Even though she feels some athletes are ok with the drug testing agencies policies, some aren’t and therefore there should be some discussion about how much of their rights athletes should have to give up in order to be eligible to keep competing.

“We need to interrogate the logic and the rationale that’s often advanced in support into the types of incursions into athletes lives," Seear said.

“It’s often said, all these things are permissible because there’s something special or unique about sport and also in association with that, the claims often made, because athletes are very privileged, often well paid and have very privileged lives, it should be acceptable for them to give up a few of those basic rights.”

The academic director of the Springvale Monash Legal Service doesn’t see that logic interrogated very well and she feels it needs to be debated to a wider audience with past and present athletes, whose lives have been affected through their own lived experiences, and they should be able to have a say on this subject matter.

She feels it’s a subject the general community doesn’t have a great understanding of or the ability to critically reflect upon, as there’s a misunderstood belief athletes have a great life and therefore their rights are ok to be pinged upon.

She said one athlete who tested sporting policy recently was AFLW player and Western bulldogs captain and marquee player Katie Brennan who was rubbed out of the AFLW grand final earlier this year due to a tackle she made in a lead-up game. 

If a male AFL player committed a similar tackle, he simply would’ve paid the fine and laced his boots up for the AFL grand final, but due to the cost of Brennan’s fine being based along a percentage of male salary amounts, it was unfeasible she would line up in this year’s grand final.

“Katie Brennan sort of had a double penalty in a sense; what I mean by that she was both penalised in the terms of the amount of money she was being paid, because she was a woman in a fledgeling competition which couldn’t apparently pay her more and then she was penalised a second time because she wasn’t paid enough to afford a fine,” she said.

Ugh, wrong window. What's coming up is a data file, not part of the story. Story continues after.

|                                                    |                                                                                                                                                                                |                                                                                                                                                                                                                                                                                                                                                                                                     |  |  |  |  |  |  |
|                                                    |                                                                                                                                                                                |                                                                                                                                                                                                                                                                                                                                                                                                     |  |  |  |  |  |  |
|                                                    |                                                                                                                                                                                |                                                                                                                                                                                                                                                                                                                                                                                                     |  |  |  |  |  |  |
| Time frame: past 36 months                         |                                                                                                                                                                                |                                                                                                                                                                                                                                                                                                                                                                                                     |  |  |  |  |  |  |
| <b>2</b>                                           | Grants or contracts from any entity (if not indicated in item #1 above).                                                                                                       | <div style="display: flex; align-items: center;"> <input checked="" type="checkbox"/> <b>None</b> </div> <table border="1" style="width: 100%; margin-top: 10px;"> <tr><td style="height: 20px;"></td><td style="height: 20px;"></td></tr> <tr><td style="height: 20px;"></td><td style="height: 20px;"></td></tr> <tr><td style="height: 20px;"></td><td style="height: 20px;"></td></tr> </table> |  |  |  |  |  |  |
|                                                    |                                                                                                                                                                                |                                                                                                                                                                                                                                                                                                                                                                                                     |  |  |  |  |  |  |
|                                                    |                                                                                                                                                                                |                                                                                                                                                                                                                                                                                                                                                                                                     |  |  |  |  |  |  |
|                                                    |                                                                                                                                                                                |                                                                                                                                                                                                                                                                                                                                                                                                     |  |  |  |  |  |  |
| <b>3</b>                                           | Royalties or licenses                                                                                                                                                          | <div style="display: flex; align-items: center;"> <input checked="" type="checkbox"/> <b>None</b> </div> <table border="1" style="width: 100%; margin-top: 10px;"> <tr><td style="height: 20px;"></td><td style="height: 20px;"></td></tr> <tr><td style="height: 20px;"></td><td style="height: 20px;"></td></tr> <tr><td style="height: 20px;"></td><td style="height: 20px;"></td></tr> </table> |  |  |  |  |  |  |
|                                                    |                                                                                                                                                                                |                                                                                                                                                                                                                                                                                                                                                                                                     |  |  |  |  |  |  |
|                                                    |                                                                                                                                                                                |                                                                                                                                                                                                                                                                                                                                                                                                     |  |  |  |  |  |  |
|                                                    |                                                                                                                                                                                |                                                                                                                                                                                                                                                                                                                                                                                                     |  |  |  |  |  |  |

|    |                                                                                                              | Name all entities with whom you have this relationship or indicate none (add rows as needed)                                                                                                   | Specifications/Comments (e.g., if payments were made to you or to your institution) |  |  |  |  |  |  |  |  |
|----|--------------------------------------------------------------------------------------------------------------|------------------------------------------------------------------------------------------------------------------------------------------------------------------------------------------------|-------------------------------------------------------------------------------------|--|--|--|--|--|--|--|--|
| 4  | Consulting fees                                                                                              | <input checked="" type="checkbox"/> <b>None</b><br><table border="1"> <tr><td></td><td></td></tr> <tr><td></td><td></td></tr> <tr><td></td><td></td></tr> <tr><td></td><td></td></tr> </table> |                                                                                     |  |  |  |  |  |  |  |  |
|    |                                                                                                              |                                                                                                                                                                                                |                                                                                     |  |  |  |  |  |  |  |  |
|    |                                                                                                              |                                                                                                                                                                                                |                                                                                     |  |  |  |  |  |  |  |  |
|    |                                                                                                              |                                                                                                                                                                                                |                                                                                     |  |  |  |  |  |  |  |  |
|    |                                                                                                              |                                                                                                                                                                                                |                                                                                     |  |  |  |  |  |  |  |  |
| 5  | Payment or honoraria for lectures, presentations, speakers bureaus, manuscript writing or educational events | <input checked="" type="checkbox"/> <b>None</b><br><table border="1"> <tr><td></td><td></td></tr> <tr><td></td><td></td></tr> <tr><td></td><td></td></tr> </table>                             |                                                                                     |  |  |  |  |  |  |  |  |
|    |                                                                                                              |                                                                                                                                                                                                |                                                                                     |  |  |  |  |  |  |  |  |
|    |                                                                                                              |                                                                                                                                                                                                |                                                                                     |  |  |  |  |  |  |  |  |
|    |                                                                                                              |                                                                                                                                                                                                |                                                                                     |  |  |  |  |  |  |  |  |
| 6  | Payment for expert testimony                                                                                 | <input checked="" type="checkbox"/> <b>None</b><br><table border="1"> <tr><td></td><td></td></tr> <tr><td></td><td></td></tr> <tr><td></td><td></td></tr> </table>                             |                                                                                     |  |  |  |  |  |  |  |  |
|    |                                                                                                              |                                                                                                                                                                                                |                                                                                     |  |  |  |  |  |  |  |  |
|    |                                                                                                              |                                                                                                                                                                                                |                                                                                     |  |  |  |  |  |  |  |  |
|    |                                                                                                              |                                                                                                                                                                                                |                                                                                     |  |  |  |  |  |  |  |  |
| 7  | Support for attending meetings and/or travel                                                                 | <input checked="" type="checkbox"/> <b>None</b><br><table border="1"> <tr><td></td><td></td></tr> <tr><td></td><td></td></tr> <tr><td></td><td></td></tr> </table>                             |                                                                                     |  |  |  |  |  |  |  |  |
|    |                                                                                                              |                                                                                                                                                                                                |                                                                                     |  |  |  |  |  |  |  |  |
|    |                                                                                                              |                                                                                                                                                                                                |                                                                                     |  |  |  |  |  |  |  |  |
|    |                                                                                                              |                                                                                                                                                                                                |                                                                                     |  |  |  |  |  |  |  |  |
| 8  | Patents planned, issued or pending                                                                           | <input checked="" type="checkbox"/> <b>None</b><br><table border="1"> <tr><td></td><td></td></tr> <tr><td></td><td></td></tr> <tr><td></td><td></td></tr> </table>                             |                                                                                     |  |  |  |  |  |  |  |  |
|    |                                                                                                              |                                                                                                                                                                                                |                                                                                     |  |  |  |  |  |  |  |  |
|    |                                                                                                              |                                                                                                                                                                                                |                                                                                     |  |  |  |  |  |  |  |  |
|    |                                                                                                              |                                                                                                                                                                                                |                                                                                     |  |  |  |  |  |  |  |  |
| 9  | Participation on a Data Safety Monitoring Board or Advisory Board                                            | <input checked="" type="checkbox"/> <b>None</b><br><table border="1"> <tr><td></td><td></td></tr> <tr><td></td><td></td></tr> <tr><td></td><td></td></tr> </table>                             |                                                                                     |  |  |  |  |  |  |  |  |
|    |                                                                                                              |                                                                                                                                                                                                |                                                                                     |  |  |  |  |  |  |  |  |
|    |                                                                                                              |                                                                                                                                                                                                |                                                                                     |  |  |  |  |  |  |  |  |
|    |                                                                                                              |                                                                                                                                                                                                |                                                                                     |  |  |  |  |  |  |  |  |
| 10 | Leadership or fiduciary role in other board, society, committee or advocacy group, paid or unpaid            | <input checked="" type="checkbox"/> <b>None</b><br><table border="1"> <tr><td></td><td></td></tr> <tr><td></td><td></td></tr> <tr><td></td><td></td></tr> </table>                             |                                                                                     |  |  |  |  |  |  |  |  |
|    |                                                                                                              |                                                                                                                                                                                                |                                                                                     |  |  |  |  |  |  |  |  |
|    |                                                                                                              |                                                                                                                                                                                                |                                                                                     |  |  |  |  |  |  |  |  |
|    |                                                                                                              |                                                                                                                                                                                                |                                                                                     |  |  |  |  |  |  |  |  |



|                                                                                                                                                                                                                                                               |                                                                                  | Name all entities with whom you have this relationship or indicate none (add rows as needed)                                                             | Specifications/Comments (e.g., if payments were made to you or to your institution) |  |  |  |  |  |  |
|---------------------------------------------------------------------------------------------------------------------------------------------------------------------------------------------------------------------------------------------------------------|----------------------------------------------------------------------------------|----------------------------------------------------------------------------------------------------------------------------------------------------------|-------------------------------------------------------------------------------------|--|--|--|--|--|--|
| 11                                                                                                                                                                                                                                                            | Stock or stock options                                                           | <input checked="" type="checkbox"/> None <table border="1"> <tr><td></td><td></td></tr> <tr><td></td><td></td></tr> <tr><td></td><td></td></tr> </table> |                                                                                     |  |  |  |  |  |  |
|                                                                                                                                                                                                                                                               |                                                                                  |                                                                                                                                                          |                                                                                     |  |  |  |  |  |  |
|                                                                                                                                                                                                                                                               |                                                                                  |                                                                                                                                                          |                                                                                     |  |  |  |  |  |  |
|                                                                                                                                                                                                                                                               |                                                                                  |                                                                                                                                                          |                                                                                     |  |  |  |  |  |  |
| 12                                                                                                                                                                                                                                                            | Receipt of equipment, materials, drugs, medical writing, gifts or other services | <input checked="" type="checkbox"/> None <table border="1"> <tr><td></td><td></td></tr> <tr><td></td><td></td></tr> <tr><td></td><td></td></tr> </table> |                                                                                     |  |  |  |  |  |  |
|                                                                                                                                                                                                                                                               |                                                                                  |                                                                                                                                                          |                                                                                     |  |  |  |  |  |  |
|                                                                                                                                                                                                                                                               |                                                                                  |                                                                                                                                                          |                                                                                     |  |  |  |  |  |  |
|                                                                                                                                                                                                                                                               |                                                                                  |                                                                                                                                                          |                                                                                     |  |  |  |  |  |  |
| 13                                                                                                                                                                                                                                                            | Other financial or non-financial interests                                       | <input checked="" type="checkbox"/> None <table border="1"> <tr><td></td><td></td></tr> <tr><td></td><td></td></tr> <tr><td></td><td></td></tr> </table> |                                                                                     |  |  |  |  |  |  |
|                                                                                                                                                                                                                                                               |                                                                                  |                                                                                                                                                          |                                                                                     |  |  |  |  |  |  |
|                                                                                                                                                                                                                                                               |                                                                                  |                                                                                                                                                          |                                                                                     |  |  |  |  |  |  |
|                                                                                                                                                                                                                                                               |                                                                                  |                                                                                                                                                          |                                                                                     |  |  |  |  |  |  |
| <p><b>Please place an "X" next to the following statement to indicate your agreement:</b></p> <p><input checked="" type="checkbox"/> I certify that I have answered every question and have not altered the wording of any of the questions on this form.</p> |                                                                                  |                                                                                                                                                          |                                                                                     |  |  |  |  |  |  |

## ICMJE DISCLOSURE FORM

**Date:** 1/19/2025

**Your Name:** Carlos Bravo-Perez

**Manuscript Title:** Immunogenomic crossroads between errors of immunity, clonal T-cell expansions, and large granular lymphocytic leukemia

The upshot was Brennan made a complaint to the Human Rights commission and she eventually withdrew it as the AFL came to an agreement to fix their player tribunal process and women will now pay a pro-rata fine.

“Instead of paying a $3,000 or $5,000 fine maybe they [AFLW players] are charged $150 or $300, which would be a portion of their wage and equivalent to the men.

“I think the more interesting thing raised by Katie Brennan’s case and one of the reasons it was really important she took the action she did was because women in the AFLW and it’s possible in other sporting codes around the country as well, it’s possible women have had a system imposed upon them that contains these quirks, that are an artefact or bi-product isn’t supported or structured in the same way men’s.

“She would have been a premiership winning captain and was denied that opportunity in the end and she was denied that opportunity due to that quirk in the system," she said.

Kate will be speaking at The Law and You Forum: Is sport playing by the rules?

If you’d love to hear Kate and her colleagues speak, the forum's open to the public.

It's a free event at the Deakin Edge In Flinders Street, Melbourne, but attendees are required to register.

Event date 
Wednesday 24 Oct 2018 – 6:00 pm to 7:30 pm
Tel: 03 9604 8100